North Carolina’s American Indian and Alaska Native Population

“The first American Indian Day was celebrated in May 1916 in New York. Red Fox James, a Blackfeet Indian, rode horseback from state to state, getting endorsements from 24 state governments, to have a day to honor American Indians. In 1990, President George H.W. Bush signed a joint congressional resolution designating November 1990 as “National American Indian Heritage Month.” Similar proclamations have been issued every year since 1994.”

U.S. Census Bureau on the history of American Indian and Alaska Native Heritage Month

Nationwide, 5.2 million individuals identified as American Indian or Alaska Native on the 2010 census. This figure includes 2.3 million individuals who identified as multiracial, meaning that they chose American Indian or Alaska Native in combination with one or more other races. Among the states, California had the largest American Indian and Alaska Native population (nearly 725,000 individuals) while the District of Columbia had the smallest, with just over 6,500 individuals.

In North Carolina, 184,000 individuals or 1.9% of the state’s total population identified as American Indian or Alaska Native, alone or in combination, on the 2010 census. With the exception of Texas, North Carolina’s American Indian and Alaska Native population is larger than that of any other southern state.

Among the 122,000 North Carolina individuals who identified as American Indian or Alaska Native (alone), more than 85,000 or 70% reported specific tribal affiliation or community attachment. Among the 62,000 individuals identifying as American Indian or Alaska Native in combination with some other race, a smaller proportion, 55%, reported specific tribal affiliation.

Nationally, Cherokee is the most commonly reported tribal affiliation or community attachment: 15.3% of all individuals who identify as American Indian or Alaska Native, either alone or in combination, identified as Cherokee. This proportion was lower (10%) among individuals identifying as American Indian alone and much higher (23%) among individuals identifying as American Indian or Alaska Native in combination with at least one other race. Navajo (6.2%), Choctaw (3.7%), Mexican American Indian (3.3%), and Chippewa (3.2%) were the next most common tribal affiliations at the national level.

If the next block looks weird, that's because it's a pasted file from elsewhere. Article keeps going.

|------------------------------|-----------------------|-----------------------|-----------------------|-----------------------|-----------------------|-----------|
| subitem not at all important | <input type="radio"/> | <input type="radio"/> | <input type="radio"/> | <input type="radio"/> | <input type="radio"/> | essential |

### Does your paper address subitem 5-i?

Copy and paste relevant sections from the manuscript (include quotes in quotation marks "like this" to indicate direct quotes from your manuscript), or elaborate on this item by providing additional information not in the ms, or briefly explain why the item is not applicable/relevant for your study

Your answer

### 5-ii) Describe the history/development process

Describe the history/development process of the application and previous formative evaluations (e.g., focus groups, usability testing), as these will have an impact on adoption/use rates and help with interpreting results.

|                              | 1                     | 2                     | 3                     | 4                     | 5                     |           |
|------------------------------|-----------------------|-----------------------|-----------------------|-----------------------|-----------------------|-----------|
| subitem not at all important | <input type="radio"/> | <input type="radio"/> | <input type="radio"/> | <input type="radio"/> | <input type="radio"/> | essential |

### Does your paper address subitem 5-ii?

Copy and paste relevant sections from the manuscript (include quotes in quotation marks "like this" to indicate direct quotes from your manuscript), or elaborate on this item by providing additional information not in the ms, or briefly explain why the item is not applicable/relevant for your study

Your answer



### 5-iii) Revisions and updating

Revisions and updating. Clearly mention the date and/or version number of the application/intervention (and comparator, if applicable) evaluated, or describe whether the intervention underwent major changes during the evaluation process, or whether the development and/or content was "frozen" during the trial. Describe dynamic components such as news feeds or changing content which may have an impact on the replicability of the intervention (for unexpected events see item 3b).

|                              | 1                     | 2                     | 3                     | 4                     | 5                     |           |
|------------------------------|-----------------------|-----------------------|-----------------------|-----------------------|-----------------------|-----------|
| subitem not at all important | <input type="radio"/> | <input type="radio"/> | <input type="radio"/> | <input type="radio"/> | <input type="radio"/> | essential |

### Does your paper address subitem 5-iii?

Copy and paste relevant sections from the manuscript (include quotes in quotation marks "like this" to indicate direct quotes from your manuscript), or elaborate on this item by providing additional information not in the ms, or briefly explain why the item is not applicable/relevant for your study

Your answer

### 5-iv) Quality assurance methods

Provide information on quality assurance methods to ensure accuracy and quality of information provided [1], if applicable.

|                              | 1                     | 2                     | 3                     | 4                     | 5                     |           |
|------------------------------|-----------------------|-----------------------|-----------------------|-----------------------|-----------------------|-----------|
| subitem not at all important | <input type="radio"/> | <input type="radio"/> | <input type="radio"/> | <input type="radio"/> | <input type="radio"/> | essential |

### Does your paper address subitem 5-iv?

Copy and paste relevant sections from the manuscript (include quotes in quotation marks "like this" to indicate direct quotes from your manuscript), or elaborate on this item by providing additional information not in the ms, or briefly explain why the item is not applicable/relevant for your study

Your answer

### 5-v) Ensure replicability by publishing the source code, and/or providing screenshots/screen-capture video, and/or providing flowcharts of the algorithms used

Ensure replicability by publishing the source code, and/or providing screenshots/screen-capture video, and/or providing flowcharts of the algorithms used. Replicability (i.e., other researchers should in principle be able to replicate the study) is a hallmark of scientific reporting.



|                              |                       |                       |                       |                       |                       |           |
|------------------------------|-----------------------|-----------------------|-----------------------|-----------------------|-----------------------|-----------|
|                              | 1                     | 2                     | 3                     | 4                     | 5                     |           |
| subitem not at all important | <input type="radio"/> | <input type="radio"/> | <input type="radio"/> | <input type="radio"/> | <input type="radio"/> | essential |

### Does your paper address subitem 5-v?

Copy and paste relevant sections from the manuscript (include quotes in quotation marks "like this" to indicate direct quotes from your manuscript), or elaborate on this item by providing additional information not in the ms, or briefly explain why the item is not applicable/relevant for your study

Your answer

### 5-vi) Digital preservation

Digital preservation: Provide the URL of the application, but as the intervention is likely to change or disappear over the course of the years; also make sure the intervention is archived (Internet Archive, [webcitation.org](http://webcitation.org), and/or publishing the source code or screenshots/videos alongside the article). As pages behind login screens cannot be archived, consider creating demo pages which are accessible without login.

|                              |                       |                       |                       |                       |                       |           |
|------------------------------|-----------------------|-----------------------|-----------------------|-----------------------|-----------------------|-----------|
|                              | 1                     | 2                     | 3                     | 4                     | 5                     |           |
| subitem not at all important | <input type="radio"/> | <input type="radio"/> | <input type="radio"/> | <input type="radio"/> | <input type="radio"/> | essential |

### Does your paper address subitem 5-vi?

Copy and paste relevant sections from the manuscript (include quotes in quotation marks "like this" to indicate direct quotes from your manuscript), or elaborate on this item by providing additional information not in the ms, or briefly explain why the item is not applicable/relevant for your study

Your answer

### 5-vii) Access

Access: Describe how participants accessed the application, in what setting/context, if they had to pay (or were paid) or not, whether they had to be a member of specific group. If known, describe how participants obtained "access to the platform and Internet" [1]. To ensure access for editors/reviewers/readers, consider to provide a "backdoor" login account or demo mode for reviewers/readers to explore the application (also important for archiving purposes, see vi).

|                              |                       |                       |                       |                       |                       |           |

In North Carolina, Lumbee was the most commonly reported tribal affiliation or community attachment. Thirty-one percent of individuals who identify as American Indian or Alaska Native, alone or in combination, identified as Lumbee. Among individuals identifying as American Indian alone, this proportion was much higher: 43%. In contrast, only 8% of individuals who are American Indian or Alaska Native in combination with at least one other race identified as Lumbee. Nationally, fewer than 75,000 people identified as Lumbee in 2010; 79% of individuals who identified as Lumbee live in North Carolina. Within the state, two-thirds of the Lumbee population resided in Robeson County.

Cherokee was the second most common tribal affiliation reported by North Carolina’s American Indian and Alaska Native population (17%). Similar to national patterns, the share of individuals reporting Cherokee tribal affiliation was lower among individuals who reported American Indian or Alaska Native as their sole racial identity (12%) and significantly higher (28%) among multiracial individuals. Mexican American Indian (2.1%), Iroquois (1.3%), and Blackfeet (1.2%) were the next most common tribal affiliations within the state.

All data used in this post are from the 2010 Census and were retrieved from Social Explorer. Data are presented for the population identifying as American Indian or Alaska Native alone or in combination, meaning that individuals who identify as multiracial are included in these statistics.

About Rebecca Tippett

Rebecca Tippett is Director of Carolina Demography at UNC-Chapel Hill’s Carolina Population Center.

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